dow jones futures

dow jones futures

October 9th, 2014

U.S. stocks extended losses, with the Standard & Poor’s 500 Index’s reversing most of it biggest rally this year, as small caps tumbled on speculation the advance was overdone amid continued concern about global economic strength.

Energy stocks in the S&P 500 (SPX) tumbled 3.1 percent, while materials producers sank 1.8 percent. Gap Inc. plunged 11 percent after saying its chief executive officer will step down. Advanced Micro Devices Inc. sank 7.6 percent after naming a new CEO a week before reporting earnings. Alcoa (AA) Inc. fell 2.8 percent after unofficially starting the earnings season. Apple Inc. gained 0.9 percent after investor Carl Icahn urged the company to accelerate share repurchases.

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November 30th, 2011

Stocks surged, giving the Dow Jones Industrial Average its biggest rally since March 2009, and the euro strengthened as six central banks made additional funds available to ease strains from Europe’s debt crisis. Treasuries fell while commodities jumped.

The MSCI All-Country World Index climbed 3.7 percent at 4 p.m. New York time and is up 7.6 percent in three sessions. The Dow gained 4.2 percent to 12,045.68, while the Stoxx Europe 600 Index capped its best four-day gain in three years. The dollar weakened against all 16 major peers, with the euro up 0.9 percent to $1.3441. The cost for European banks to fund in dollars retreated from the highest since 2008. Oil jumped to almost $101 a barrel and copper rose 5.5 percent.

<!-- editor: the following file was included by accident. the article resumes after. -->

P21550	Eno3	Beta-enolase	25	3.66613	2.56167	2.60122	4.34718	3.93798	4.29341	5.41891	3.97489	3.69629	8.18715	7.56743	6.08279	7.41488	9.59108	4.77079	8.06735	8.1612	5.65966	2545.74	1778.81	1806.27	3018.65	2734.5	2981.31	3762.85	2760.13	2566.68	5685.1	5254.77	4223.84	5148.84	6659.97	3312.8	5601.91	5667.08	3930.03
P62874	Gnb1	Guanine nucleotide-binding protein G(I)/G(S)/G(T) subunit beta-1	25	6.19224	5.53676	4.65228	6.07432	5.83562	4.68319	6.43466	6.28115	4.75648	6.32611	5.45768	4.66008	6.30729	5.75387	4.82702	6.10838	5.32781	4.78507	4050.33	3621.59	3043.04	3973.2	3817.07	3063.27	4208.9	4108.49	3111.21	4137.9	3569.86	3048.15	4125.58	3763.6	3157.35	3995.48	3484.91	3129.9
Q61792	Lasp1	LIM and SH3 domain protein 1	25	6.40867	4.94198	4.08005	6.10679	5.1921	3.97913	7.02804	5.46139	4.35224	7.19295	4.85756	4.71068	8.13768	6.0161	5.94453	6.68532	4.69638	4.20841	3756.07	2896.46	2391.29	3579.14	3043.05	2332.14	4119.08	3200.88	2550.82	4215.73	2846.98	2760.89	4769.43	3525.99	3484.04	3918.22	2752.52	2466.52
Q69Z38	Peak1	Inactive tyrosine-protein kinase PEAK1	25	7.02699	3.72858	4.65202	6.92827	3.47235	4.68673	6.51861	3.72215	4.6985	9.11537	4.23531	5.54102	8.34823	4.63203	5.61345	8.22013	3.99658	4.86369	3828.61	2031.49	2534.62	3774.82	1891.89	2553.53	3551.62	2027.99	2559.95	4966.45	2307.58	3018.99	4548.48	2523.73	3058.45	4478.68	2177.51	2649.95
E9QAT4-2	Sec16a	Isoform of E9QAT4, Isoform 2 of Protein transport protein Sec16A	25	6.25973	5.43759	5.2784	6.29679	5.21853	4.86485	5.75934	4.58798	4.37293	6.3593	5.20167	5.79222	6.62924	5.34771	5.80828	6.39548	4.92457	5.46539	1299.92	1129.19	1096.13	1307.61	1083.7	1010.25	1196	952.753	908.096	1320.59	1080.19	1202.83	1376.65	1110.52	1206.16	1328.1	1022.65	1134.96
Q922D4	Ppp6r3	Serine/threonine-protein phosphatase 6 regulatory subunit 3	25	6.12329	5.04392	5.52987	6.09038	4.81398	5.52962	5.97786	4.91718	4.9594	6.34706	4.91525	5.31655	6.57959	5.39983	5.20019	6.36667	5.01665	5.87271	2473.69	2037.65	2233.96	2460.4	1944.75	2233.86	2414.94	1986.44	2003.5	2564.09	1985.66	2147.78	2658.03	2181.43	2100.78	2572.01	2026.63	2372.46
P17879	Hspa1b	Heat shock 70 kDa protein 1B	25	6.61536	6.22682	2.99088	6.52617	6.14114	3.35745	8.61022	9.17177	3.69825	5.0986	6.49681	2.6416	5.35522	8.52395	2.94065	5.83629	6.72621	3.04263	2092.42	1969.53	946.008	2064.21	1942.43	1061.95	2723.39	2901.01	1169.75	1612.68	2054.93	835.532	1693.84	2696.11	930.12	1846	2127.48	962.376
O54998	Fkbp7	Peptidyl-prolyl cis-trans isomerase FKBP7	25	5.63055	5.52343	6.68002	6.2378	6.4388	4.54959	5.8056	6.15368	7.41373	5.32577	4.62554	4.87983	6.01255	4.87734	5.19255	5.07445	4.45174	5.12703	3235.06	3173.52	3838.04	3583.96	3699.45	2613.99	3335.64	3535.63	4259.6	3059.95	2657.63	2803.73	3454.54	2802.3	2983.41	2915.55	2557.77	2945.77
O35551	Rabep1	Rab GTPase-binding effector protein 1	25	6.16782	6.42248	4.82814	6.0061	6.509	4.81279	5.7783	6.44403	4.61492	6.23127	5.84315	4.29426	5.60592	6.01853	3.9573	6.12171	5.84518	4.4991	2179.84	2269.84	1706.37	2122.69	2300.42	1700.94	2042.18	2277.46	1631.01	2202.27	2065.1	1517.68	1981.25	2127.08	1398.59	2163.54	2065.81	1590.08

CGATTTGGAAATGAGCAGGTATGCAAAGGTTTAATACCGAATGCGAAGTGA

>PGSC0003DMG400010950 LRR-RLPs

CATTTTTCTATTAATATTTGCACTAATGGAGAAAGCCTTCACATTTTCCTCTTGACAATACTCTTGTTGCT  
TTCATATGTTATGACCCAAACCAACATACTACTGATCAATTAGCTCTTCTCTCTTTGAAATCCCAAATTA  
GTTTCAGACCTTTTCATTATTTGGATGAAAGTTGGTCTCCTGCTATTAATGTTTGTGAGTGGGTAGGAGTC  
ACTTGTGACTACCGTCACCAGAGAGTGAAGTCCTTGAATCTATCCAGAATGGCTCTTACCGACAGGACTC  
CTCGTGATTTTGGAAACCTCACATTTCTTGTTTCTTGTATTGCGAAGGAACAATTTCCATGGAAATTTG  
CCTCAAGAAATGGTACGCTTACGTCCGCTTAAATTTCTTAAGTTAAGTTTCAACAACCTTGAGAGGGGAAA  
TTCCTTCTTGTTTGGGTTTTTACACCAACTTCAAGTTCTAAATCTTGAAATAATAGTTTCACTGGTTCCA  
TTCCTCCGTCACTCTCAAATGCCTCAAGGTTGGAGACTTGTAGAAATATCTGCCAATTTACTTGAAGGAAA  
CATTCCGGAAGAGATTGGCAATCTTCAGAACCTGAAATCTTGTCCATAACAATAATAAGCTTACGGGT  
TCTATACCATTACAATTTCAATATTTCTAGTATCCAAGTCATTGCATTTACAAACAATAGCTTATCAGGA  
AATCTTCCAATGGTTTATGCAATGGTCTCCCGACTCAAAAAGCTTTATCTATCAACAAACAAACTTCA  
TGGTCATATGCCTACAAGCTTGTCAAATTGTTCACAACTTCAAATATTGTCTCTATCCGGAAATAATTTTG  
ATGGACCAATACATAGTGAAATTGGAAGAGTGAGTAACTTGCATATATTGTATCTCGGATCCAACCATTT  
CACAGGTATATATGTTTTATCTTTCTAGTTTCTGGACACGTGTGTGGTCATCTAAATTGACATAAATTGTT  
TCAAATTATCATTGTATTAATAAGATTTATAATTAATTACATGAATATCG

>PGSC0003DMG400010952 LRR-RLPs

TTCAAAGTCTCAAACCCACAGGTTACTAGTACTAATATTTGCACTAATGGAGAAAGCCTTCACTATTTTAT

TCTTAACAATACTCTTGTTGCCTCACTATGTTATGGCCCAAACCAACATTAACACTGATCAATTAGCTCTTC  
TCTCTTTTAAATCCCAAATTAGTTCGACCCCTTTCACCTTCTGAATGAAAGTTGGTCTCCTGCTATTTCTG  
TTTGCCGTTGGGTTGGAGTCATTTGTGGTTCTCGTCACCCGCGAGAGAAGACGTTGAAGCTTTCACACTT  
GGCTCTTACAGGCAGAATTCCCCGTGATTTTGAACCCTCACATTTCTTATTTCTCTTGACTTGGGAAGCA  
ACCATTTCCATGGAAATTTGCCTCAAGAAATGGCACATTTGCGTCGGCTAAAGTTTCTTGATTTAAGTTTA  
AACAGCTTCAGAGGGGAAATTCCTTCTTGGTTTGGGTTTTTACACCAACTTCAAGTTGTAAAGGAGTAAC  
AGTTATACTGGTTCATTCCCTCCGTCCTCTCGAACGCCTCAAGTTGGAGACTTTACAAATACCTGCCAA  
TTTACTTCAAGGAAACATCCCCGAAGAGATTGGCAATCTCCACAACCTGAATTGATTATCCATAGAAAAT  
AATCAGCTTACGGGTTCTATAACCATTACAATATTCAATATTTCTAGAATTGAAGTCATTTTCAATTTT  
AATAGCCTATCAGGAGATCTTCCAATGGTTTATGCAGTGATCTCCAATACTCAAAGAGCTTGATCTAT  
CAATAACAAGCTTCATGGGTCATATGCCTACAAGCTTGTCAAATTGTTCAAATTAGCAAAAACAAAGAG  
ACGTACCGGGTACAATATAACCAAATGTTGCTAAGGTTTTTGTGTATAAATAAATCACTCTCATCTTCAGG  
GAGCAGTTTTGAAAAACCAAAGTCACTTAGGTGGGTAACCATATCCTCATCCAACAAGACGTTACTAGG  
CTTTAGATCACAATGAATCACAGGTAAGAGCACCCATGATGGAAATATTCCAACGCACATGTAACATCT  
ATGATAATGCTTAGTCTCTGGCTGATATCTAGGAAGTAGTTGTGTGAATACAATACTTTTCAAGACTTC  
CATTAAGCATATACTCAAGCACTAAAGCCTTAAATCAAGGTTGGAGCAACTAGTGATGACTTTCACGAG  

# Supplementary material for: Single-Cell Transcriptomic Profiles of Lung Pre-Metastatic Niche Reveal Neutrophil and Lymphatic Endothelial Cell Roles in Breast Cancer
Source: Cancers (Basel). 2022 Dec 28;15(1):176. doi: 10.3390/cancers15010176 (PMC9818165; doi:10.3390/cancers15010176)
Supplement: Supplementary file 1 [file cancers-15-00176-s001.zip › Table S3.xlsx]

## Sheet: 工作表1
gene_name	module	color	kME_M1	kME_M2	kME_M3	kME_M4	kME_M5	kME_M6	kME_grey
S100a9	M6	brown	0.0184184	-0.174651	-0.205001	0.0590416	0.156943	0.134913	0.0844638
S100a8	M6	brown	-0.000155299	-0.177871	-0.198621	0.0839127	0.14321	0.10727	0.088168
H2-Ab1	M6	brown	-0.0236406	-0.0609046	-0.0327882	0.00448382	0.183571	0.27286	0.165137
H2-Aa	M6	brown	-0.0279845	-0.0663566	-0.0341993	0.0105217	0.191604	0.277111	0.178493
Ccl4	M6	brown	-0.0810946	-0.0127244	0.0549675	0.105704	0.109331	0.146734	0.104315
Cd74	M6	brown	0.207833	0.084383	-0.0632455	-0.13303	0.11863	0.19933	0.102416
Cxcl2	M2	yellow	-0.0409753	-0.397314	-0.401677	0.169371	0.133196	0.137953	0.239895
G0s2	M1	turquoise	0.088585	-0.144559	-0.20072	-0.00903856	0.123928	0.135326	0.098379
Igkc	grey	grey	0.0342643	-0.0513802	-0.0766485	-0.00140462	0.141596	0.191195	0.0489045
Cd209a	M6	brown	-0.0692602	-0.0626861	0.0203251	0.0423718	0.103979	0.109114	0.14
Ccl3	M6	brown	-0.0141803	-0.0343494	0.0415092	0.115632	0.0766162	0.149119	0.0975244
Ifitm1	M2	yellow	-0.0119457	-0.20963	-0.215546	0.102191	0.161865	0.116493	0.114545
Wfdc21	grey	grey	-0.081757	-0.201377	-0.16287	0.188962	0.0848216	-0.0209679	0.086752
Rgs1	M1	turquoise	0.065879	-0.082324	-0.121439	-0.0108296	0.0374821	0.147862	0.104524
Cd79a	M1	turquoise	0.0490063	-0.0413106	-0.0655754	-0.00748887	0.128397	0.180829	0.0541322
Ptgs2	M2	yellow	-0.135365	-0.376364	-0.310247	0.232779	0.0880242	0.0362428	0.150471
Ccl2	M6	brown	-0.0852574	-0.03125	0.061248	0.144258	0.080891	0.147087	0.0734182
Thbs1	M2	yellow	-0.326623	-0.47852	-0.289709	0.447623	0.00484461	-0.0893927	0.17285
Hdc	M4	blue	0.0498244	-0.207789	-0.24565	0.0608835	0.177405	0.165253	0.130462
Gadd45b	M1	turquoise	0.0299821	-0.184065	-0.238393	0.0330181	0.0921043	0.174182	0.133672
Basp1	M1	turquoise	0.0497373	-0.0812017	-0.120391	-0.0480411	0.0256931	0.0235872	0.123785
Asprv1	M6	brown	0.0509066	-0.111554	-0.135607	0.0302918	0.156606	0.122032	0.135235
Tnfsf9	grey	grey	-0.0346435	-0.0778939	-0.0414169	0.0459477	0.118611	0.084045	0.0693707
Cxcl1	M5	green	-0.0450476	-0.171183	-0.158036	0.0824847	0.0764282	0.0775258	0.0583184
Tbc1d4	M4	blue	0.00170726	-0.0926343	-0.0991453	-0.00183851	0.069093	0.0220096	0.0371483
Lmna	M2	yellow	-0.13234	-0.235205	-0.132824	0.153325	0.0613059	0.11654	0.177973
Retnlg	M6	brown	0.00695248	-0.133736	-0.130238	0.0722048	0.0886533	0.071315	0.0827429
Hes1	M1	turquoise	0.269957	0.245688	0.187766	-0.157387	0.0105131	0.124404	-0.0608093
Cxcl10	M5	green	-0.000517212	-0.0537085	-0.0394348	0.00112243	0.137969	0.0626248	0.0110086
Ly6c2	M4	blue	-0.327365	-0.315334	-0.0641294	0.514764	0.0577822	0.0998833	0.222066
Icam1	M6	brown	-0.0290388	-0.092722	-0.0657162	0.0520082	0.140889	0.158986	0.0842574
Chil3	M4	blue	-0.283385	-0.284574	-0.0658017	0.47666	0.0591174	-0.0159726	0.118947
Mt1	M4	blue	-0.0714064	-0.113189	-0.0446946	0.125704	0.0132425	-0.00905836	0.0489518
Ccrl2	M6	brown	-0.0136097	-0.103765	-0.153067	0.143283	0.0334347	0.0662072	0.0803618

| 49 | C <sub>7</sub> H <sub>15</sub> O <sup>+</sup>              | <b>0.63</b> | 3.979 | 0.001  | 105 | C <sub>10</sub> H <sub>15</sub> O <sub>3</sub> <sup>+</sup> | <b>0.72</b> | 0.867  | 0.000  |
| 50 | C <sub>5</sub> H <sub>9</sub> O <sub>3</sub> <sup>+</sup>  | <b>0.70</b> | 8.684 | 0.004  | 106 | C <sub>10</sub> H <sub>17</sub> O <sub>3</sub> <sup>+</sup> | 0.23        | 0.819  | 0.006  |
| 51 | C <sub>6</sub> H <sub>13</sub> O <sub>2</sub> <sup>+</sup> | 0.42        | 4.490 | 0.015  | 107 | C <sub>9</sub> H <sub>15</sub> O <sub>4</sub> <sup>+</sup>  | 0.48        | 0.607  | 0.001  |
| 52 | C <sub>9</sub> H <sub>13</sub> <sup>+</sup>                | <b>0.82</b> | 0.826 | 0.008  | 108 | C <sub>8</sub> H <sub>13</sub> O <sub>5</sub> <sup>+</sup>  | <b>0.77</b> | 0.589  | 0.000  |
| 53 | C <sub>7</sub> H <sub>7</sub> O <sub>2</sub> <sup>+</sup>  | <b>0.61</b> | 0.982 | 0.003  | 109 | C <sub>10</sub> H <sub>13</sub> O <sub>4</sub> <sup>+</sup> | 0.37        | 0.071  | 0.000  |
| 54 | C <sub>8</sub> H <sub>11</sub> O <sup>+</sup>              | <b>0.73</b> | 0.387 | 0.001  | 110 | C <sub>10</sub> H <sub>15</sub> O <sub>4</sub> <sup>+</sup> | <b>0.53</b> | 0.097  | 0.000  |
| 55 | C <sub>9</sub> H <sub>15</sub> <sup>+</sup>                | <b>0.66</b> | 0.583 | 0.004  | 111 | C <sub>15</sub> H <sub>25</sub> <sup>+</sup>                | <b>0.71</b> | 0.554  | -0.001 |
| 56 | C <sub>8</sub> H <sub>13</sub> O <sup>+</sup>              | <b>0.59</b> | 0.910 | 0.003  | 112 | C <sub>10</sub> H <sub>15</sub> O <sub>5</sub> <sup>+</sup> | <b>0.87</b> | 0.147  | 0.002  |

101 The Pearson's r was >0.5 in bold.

The central banks of the U.S., the euro region, Canada, the U.K., Japan and Switzerland agreed to cut the cost of providing dollar funding via swap arrangements, the Federal Reserve said, and agreed to make other currencies available as needed. China said earlier today it will cut the reserve requirement ratio for banks by 0.5 percentage points, while data on U.S. business activity and the employment and housing markets topped economists’ estimates.

“I’m in a better mood today than I’ve been in a while,” Burt White, who helps oversee about $315 billion as chief investment officer at LPL Financial Corp. in Boston, said in a telephone interview. “This coordinated effort is a huge one. It is not a European problem, it’s a global problem. If we don’t get Europe solved, it’s going to send pretty big ripples across the globe. We really could see some upside for the market, if this momentum continues.”

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